Buy (or grow) these things:

  • 3 large red beetroots (just under half a kilo)
  • 1/2 cup brown rice (uncooked)
  • 1 medium onion, diced small
  • 3-4 cloves garlic, minced
  • 2 tablespoons apple cider vinegar
  • 1/4 cup rolled oats – not quick cook oats (see also below for note on making this recipe gluten-free)
  • 2 (450g) cans black beans – or preferably cook the beans yourself (alternatively use kidney beans)
  • 1/4 cup sun dried tomatoes, chopped into small pieces.
  • 1 tablespoon extra-virgin olive oil
  • 1 tablespoon smoked paprika
  • 2 teaspoons seed mustard
  • 1 teaspoon cumin
  • 1/2 teaspoon coriander
  • 1/2 teaspoon dried thyme
  • 1 teaspoon ground black pepper
  • Salt to taste

Bashing it all together:

Heat the oven to 220c. Wrap the beetroots loosely in aluminium foil and roast until easily pierced with a fork, 50 to 60 minutes. Set aside to cool.

Meanwhile, cook the rice until it’s a little beyond al dente. You want it a little over-cooked, but still firm (not completely mushy). Drain any remaining liquid from the rice and set it aside to cool.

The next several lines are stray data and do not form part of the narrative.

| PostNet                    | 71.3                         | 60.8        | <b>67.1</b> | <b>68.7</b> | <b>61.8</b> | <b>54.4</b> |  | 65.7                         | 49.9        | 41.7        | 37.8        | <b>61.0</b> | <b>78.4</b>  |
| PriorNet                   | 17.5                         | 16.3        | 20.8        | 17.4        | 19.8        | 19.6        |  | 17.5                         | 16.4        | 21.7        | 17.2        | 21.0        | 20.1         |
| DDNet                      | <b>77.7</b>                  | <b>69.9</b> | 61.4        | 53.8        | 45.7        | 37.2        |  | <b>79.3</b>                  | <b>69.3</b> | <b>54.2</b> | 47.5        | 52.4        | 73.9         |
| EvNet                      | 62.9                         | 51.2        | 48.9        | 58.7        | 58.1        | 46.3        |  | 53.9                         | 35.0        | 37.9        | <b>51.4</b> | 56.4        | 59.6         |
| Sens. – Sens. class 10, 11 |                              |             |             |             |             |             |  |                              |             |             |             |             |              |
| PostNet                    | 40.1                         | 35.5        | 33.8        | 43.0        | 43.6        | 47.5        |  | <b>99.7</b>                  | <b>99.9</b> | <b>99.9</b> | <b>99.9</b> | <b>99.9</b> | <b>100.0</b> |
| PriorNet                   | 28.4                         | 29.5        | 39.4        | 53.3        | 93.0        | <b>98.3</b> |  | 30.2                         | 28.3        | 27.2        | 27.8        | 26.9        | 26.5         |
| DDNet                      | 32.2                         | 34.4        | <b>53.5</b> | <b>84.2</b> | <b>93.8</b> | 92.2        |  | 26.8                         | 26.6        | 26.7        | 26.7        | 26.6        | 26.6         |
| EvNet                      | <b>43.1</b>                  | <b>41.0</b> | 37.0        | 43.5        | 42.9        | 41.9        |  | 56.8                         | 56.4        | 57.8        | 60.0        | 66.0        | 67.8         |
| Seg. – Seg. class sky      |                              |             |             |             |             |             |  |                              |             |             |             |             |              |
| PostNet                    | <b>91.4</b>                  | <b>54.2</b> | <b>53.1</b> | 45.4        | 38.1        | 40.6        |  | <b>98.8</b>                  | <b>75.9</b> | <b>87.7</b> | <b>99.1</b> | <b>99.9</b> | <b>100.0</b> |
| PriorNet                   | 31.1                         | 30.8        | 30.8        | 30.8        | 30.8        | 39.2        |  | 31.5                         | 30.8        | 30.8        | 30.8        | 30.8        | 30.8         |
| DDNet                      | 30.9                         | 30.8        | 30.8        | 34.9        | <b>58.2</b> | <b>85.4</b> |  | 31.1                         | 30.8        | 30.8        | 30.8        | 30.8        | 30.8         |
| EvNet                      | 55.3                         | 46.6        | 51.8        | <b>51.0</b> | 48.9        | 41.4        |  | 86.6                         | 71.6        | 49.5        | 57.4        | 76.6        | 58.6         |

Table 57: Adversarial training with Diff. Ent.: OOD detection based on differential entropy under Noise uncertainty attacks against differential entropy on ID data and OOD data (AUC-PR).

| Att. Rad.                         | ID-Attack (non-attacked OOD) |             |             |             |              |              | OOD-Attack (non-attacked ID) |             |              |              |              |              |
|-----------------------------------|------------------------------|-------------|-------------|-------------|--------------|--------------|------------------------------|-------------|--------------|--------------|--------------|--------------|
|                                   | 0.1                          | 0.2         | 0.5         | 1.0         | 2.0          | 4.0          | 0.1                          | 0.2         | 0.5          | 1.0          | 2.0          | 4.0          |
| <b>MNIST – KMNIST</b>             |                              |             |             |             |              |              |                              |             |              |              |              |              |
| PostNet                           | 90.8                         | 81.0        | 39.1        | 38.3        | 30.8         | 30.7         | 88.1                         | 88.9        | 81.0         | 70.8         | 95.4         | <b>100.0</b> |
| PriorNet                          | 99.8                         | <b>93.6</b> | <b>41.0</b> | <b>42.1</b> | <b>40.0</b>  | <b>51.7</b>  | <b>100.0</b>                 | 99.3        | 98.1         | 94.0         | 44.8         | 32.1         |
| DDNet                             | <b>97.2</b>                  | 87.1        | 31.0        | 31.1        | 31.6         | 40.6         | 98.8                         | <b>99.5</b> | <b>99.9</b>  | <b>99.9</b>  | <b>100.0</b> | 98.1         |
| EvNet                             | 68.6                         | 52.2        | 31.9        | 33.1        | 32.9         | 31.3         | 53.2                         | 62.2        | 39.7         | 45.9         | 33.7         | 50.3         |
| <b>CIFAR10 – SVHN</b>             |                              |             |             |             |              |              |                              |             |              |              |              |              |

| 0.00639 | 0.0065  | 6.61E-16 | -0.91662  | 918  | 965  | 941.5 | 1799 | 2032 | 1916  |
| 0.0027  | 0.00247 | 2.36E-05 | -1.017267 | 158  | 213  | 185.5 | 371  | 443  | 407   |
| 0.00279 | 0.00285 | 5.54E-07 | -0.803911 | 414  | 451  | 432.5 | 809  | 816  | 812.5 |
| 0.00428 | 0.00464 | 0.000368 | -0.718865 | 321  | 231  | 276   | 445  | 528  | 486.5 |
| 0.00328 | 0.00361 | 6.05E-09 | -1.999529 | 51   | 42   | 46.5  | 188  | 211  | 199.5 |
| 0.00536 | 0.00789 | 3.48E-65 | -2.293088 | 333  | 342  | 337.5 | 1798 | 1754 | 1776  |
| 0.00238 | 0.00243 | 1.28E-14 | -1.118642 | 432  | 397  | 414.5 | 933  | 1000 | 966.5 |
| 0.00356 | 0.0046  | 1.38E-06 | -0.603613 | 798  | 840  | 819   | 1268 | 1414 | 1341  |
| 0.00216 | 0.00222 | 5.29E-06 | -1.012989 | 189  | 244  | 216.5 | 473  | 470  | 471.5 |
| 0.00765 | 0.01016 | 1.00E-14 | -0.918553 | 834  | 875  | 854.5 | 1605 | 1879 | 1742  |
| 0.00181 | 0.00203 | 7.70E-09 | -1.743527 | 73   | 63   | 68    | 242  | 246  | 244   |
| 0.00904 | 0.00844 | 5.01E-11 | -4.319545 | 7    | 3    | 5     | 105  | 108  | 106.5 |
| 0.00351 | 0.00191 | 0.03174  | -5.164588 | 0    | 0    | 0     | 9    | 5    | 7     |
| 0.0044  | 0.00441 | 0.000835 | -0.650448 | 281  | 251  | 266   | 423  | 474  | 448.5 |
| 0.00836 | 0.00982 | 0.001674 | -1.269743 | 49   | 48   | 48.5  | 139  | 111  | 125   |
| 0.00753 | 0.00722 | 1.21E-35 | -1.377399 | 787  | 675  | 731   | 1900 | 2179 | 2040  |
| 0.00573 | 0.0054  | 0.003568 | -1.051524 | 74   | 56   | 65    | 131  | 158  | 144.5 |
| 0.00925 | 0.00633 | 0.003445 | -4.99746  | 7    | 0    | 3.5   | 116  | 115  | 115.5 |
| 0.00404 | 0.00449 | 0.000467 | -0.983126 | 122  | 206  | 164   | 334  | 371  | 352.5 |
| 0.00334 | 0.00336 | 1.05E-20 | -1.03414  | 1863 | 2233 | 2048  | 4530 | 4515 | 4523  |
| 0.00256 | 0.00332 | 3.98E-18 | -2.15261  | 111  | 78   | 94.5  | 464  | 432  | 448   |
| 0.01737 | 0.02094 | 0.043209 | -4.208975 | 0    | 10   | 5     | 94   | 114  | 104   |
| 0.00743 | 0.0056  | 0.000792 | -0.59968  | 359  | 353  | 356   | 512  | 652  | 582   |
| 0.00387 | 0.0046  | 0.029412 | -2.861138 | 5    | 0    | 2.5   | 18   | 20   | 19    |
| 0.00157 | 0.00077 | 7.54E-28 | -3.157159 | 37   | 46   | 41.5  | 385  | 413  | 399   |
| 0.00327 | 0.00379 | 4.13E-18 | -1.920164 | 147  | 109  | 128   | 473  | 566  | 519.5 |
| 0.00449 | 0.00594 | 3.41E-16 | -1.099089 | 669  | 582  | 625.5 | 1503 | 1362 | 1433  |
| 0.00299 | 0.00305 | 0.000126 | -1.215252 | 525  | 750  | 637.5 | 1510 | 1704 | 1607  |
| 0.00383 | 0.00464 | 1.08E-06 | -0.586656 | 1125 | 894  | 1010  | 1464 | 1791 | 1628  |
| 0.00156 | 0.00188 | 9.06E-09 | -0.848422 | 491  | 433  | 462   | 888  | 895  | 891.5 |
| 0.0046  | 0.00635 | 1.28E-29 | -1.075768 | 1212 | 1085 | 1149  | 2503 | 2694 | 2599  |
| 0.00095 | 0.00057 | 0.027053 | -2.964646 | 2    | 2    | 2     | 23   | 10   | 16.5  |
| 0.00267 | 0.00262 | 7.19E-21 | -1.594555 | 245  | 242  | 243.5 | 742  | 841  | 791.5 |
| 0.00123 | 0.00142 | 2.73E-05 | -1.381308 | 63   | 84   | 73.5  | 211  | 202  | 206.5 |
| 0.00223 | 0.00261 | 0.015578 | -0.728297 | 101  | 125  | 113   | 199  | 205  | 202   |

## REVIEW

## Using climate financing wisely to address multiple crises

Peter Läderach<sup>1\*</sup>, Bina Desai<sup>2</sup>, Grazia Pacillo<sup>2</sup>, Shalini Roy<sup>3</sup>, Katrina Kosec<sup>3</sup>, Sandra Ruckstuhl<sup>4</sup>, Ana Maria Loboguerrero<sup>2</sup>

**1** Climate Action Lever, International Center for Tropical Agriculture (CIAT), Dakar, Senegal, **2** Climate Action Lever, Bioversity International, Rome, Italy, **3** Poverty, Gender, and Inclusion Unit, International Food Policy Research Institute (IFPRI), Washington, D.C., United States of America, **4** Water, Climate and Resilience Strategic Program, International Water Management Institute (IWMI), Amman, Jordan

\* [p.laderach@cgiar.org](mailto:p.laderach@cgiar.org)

Heat a splash of olive oil in a cast iron pan over medium-high heat. Add the onions and a pinch of salt. Stir the onions every minute or two, and cook until they are golden and getting charred around the edges, if the onions are burning lower the heat.

Reduce the heat to medium-low and add the garlic and cook only until it is fragrant, about 30 seconds. Add the paprika, cumin, coriander and ground pepper and pour in the cider vinegar and scrape up the dark sticky crust. Continue to simmer until the cider has evaporated and the pan is nearly dry again. Remove from heat and remove from the pan so they can cool, and not overcook from the residual heat of the pan.

Process the oats in a bamix dry food processor attachment thingy (or food processor) until they have reduced to a fine flour. Transfer to a small bowl and set aside.

Drain and rinse the cans of beans. Transfer half of the beans to the food processor along with the mustard and the sun dried tomatoes. Pulse in 1-second bursts just until the beans are roughly chopped — not so long that they become mush — 8 to 10 pulses. Transfer this mixture to a large mixing bowl. Add the remaining half of the beans to the mixing bowl as well.

Scrape the skins off the cooled roasted beets; the skins should slip off easily. If still too hot to handle do this step under running cold water. Once cool enough to handle grate the peeled beetroots on the largest holes of a box grater.